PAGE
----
August is famously the month when most of Europe hits the beach. Markets are quiet, parliaments are closed, and very little happens.
European Union leaders are under pressure to take action to stem the spreading debt crisis. CNBC's Michelle Caruso-Cabrera with the details.
What has become clear to anyone who is not actually running a euro zone member state or a central bank in Frankfurt is that reacting to yesterday’s crisis simply leads to tomorrow’s crisis.
Let's make this quite clear: there is no need for the markets to get spooked by German Finance Minister Wolfgang Schaeuble's comments about "no carte blanche for ESFS bond buying".
Since the euro zone debt crisis began, disagreements between the German Chancellor and the head of the European Central Bank have hampered attempts to find a lasting solution, analysts have said.
German Chancellor Angela Merkel pressed Monday for a quick agreement on a new rescue package for Greece, and said she is confident that Italy will push through an austerity plan.
German Chancellor Angela Merkel has certainly changed her tune. Now she's warning about the exposure of European financial institutions to credit default swaps that insure Greek bonds.
Germany has been a frequent cudgel in recent fights over the American economy. When Germany has grown faster than the United States, stimulus skeptics like to point across the Atlantic Ocean and say that austerity works. When it has grown more slowly, people who think the American stimulus made a big difference — including me — return the favor the Mew York Times reports.
Nuclear safety watchdogs and G20 energy ministers gathering in Paris on Tuesday and Wednesday to work on reinforcing nuclear safety around the globe in the wake of the Japanese nuclear disaster at Fukushima last March were keen to stress nuclear energy is still a viable source of alternative energy.
We often get a frenzy of negative Europe speculation on a Friday afternoon either from fear of what might emerge over the weekend or mischief-making by Dollar-bulls. And today is no exception.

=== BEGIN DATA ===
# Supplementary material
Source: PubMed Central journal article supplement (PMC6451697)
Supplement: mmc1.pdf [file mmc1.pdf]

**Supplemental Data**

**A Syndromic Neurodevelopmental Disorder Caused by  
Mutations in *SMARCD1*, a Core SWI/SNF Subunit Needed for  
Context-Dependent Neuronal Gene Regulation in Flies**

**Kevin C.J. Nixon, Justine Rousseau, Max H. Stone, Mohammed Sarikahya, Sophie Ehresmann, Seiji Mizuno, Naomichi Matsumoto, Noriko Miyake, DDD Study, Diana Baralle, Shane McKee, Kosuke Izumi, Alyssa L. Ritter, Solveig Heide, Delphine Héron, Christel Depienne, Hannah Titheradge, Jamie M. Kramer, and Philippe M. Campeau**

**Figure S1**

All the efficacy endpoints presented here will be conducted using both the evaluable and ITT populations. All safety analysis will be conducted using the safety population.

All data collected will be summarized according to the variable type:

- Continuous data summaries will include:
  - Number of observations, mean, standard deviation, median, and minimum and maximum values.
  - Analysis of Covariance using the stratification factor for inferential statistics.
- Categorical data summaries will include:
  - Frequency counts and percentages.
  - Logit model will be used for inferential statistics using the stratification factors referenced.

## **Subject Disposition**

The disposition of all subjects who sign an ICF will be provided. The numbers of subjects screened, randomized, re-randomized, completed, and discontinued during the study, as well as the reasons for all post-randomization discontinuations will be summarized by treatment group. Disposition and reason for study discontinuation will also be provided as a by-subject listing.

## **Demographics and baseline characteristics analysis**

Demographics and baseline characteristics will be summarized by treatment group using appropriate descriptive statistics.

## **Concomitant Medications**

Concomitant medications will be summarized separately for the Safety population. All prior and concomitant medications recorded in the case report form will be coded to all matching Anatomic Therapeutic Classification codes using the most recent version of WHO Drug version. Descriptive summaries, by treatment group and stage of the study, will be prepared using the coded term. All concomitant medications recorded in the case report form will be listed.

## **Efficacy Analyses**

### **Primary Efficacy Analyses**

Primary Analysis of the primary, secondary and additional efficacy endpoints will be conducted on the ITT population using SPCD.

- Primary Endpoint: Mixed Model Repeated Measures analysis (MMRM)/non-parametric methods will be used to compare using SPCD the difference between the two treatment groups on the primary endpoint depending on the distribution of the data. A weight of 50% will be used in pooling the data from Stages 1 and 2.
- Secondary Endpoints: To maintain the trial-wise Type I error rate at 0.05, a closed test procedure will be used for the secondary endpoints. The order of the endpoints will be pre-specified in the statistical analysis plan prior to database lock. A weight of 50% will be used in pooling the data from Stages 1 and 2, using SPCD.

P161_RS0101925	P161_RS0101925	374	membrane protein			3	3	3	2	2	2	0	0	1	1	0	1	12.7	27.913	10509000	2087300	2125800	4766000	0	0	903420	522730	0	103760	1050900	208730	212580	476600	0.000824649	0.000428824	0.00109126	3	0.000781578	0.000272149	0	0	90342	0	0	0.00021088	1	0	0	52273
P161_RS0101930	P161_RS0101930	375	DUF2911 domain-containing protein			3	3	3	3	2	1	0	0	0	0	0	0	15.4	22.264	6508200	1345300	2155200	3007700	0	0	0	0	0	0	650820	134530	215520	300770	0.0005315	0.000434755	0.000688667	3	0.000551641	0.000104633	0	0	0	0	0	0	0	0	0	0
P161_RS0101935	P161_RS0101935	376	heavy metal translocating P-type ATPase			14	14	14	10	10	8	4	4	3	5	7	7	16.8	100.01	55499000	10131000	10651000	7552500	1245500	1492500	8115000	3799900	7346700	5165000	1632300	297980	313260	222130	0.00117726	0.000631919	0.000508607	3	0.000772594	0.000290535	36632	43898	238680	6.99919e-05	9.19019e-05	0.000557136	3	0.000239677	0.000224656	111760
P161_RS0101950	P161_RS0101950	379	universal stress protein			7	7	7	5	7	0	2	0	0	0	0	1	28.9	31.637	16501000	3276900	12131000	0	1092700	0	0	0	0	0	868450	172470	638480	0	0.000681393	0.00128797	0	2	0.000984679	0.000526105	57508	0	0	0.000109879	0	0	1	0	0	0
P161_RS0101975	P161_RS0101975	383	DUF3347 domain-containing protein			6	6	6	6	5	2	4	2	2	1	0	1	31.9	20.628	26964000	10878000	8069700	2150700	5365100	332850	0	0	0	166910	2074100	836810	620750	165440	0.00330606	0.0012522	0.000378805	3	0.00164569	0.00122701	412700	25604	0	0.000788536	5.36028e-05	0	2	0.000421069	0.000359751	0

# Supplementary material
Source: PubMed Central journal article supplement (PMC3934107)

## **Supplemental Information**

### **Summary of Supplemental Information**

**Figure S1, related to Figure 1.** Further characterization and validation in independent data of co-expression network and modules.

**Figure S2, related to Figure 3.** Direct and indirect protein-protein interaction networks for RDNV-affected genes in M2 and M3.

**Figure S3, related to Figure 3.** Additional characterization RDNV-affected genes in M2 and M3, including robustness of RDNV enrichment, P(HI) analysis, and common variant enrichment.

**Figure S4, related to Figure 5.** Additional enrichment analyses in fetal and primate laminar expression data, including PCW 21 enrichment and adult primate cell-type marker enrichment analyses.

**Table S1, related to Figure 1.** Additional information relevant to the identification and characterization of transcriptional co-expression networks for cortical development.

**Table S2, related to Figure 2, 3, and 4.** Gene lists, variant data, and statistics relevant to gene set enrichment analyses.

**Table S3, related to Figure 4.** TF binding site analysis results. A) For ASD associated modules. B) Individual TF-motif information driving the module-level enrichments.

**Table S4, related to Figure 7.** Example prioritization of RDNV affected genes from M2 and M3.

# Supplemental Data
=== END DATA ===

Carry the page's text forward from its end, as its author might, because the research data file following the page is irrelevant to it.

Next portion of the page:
Angela Merkel, German chancellor, has spelt out her strong opposition to restructuring debt in any member state of the eurozone, contradicting speculation that Germany was pushing such a solution in Greece.
Germany and the rest of Europe will loan Athens more money to keep Greece servicing its debt and prevent writedowns by European governments and banks on loans they've already made to Greece.
Could there really be a "Green" German Chancellor one day? What would that mean? How "green" can Germany get? ... Questions I am being asked rather often these days - even and especially from outside Germany, says CNBC's Silvia Wadhwa.
The German government led by Angela Merkel is facing urgent calls from the country’s normally reticent business community for a return to “rational and reliable” economic policies, in a sign of its disenchantment with the centre-right coalition, the Financial Times reports.
Angela Merkel, German chancellor, has blamed Japan’s nuclear crisis, triggered by this month’s earthquake, for the “very painful defeat” suffered by her ruling party in the state of Baden-Württemberg, the Financial Times reports.
German Chancellor Angela Merkel has deeply strained relations with allies in the European Union and the NATO alliance, raising new questions about Germany’s ability to play a global role in foreign policy, the New York Times reports.
Two weeks before the regional elections in Baden-Württemberg, a traditional stronghold of Chancellor Angela Merkel´s Conservative party CDU, the nuclear crisis in Japan has put German nuclear politics at the heart of the political discussions.
If previous EU responses to the euro crisis are any guide, investors should not be expecting a highly-coordinated, shock-and-awe approach like those we have seen from the US authorities.
Bundesbank president Axel Weber said a lack of political acceptance in the eurozone for his hawkish monetary views had driven his abrupt decision not to run. The FT reports.